Sunday, July 24, 2011

Choosing a home for my short stories.

    As a writer and a  reader of short stories I'm always on the hunt for literary journals that I like. Every time I choose a literary journal, I make sure that their purpose resonates with mine. I have a preference for thought-provoking stories and memorable characters that leave me thinking long after I've finished reading them. I  even find myself longing to talk  with somebody about it because there is so much to discuss.
    I love stories when I  can connect with the characters in some way, when the theme is meaningful to me. (Not connecting with a story means I am not the right audience for it. That's all).
     I also tend to like characters who push boundaries, and I like them even more if they are touched by the world they live in . In other words, social and political matters add to it. Reading literature is not about living in a vacuum, so I appreciate stories that place the character in a specific social and cultural situation.
     Reading a good story is like going on a journey or visiting a city. I am eager to explore every corner, park, and secret. I don't want to be treated like an ordinary tourist. I'd rather become a resident during my short stay and be in the character's shoes.
    The best stories to me are the ones that carry me away not just to a certain emotional situation, but also to a specific location that becomes so vivid and colorful in my mind that it ends up leaving an imprint. Two days ago, for example, I read "Ice" by Lily Tuck. The story is about a married couple who takes a trip to Antarctica. It became so real to me that I could think of nothing but icebergs and ships; a nice relief to the heat wave we are going through, by the way.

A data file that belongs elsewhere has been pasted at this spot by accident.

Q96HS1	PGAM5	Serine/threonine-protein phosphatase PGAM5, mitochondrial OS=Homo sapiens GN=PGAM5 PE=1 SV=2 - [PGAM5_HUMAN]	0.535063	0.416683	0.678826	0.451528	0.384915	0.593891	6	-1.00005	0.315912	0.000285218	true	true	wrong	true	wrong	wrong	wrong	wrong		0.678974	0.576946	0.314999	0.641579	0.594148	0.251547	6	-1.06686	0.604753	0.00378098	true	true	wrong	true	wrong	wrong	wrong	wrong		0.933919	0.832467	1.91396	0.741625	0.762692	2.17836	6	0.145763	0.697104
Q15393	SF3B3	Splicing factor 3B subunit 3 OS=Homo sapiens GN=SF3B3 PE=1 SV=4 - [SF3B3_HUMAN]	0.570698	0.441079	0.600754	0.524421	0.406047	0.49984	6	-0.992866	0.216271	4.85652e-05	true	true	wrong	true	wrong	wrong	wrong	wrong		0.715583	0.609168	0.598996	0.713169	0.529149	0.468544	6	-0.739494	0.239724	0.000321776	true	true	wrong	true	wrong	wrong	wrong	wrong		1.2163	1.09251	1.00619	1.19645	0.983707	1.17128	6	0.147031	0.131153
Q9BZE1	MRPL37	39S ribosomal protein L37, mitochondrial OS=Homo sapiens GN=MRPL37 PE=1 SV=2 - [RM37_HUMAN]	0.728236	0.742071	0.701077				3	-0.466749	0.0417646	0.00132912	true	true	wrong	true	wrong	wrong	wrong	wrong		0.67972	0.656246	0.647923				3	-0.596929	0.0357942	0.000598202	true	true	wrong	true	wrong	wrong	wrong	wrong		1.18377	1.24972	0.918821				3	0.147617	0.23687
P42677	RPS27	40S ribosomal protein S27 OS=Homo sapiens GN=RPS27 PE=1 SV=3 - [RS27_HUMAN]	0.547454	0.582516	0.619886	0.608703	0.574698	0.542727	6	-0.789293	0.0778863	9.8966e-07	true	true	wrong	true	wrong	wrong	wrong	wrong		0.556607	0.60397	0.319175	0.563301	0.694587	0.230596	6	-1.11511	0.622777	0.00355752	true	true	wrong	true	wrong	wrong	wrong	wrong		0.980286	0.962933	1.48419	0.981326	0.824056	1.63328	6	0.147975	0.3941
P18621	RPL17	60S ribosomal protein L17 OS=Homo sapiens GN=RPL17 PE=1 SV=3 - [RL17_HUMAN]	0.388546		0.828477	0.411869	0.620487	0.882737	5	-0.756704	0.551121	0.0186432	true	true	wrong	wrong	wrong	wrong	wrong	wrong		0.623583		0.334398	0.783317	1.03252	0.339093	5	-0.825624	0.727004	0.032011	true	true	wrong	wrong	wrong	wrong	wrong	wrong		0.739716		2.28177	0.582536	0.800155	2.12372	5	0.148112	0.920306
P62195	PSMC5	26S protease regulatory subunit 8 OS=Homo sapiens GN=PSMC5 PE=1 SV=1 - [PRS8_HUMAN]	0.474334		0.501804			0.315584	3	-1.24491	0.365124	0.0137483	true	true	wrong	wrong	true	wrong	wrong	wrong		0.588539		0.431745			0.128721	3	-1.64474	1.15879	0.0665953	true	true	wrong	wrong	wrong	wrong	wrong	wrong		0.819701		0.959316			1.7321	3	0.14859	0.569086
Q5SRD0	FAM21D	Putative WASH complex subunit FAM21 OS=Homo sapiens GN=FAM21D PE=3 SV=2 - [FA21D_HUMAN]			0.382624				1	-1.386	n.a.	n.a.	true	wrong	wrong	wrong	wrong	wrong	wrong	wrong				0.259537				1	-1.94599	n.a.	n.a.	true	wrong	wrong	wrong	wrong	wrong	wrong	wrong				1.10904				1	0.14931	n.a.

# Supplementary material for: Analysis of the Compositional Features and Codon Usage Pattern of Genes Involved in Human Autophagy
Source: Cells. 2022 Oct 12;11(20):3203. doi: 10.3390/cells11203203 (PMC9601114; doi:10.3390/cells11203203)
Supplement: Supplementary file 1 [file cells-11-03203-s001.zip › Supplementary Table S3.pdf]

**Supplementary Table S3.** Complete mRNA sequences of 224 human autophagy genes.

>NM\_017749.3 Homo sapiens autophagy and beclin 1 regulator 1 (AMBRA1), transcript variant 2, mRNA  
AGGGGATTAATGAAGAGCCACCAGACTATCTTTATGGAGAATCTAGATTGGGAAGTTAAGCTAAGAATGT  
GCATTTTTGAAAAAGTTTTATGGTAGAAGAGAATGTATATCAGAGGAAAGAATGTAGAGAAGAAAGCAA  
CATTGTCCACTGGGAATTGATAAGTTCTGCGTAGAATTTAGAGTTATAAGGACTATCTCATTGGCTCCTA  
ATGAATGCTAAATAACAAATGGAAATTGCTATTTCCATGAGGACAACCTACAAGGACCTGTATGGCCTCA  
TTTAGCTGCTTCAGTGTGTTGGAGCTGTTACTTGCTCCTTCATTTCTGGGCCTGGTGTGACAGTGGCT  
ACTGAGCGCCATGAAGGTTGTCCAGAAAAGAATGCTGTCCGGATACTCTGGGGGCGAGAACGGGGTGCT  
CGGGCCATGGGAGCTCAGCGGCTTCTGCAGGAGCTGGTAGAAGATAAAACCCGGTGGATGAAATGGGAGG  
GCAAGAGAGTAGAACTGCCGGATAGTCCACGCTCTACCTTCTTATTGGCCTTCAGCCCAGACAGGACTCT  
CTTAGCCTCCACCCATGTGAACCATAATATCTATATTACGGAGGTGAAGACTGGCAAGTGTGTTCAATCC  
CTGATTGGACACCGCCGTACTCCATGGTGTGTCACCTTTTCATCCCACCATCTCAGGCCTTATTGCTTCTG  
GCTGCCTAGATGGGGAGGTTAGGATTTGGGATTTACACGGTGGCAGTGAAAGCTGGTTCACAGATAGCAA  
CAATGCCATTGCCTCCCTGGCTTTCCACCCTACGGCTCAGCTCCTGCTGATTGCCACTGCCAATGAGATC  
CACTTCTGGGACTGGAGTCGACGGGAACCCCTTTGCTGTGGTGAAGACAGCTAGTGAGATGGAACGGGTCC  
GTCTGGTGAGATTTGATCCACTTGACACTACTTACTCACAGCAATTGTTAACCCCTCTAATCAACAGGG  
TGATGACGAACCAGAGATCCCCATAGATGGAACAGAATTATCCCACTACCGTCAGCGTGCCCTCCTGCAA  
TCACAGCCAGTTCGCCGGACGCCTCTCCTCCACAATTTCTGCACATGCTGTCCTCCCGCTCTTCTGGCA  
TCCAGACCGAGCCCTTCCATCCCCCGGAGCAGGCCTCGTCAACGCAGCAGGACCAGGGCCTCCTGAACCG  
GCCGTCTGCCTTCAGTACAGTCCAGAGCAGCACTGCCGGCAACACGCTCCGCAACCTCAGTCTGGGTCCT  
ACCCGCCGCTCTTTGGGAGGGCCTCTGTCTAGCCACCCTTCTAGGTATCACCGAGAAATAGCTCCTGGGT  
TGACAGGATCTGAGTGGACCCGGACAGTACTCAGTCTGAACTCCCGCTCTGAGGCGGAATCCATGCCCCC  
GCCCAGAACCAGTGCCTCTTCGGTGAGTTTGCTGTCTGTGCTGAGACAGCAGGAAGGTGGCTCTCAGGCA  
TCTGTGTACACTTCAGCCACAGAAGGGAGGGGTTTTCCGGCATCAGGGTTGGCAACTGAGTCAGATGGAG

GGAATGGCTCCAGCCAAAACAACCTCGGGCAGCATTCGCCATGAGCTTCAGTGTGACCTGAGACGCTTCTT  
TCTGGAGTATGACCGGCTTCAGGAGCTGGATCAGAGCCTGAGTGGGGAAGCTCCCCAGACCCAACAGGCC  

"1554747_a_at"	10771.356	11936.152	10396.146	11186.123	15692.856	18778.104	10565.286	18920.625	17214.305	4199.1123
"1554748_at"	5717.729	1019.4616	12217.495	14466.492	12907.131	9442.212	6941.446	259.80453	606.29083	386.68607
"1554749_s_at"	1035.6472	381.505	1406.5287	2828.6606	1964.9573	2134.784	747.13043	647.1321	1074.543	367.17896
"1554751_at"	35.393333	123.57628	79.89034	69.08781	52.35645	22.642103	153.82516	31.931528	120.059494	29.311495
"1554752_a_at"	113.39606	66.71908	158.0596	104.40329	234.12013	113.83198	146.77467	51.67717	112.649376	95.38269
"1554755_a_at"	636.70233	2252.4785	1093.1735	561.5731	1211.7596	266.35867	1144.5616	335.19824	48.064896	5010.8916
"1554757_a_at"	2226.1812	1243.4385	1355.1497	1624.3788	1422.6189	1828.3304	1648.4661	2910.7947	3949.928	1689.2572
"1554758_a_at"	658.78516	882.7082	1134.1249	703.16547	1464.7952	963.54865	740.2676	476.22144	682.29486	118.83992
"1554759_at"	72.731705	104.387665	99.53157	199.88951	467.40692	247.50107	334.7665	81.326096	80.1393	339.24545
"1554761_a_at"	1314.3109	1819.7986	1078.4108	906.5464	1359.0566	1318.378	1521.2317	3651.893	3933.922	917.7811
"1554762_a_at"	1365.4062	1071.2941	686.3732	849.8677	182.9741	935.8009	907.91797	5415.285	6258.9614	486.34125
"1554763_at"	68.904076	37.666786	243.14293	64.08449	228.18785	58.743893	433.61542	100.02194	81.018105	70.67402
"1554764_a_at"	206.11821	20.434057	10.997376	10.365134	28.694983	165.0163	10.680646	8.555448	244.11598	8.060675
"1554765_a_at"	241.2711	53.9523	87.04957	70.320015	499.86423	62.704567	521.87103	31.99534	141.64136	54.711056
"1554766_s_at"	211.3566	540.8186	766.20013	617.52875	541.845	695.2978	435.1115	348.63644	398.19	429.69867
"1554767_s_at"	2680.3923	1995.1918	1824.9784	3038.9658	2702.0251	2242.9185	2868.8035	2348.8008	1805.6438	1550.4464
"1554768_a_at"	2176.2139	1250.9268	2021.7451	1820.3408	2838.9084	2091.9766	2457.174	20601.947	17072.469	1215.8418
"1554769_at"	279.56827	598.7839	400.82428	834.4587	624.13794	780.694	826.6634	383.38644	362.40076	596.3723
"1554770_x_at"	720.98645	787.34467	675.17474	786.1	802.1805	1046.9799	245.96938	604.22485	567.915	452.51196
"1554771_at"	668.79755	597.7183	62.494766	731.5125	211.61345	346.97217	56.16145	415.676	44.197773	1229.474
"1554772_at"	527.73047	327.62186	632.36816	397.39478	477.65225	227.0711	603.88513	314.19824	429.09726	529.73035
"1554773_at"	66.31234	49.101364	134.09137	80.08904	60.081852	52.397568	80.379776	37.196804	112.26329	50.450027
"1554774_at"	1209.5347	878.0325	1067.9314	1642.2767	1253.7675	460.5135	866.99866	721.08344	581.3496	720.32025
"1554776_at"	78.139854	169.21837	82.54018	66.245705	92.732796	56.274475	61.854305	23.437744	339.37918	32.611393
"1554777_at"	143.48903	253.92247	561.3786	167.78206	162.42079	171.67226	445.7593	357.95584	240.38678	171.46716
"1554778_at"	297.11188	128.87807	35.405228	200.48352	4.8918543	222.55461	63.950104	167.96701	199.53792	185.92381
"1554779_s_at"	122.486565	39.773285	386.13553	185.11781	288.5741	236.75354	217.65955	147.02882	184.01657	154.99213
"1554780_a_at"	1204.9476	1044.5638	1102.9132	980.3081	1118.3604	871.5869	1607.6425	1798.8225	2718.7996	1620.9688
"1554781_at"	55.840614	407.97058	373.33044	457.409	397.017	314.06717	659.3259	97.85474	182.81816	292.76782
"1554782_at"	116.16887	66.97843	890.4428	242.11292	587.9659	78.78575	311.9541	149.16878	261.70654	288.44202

Let me know about your stories- or trips. Where have they been taking you lately?

Sunday, July 10, 2011

An endless love affair.

        I have to admit it. I have a love affair with words. I get easily enchanted by the way some of them sound, and I enjoy learning their different meanings. Choosing the right words is a pleasure, one of the many goals I try to accomplish whenever I write something. Words are the fascinating "bricks" of the buildings-stories- we build. They are like the colors of an artist's palette. They need to be chosen carefully, strung into the thread of sentences that will accomplish a rhythm and a meaning.
         Every time I find a word I am not familiar with, I look it up in the dictionary. I tend to do this even with words I do know, when I suspect they have a meaning I'm not aware of. Then I jot them down and even create a sentence in my  mind in order to apply the new word. I keep the lists of new words and then I read them carefully again a few days later. It is like creating a "bank account of words". I know they will come back to me when I am writing. Sometimes I even find myself saying, "This is just the word I needed yesterday when I was writing that scene."
        I will give you an example of words that have different meanings I did not know about.
You may know that the word "maul" as a verb means " to beat, bruise, to handle roughly." But it also means "to strongly criticize something, especially a new book, play, etc." It also means " to touch someone in a rough sexual way which they think is unpleasant." The word "throe" means "pang, spasm", but it also means "a hard or painful struggle." To chide is "to speak out in angry or displeased rebuke". It also means, as a transitive verb, "to reproach in a mild and constructive manner."
         I can't get enough of them. Learning new words is an ongoing challenge that will die the day my own life comes to an end.
         What's your relationship with words like?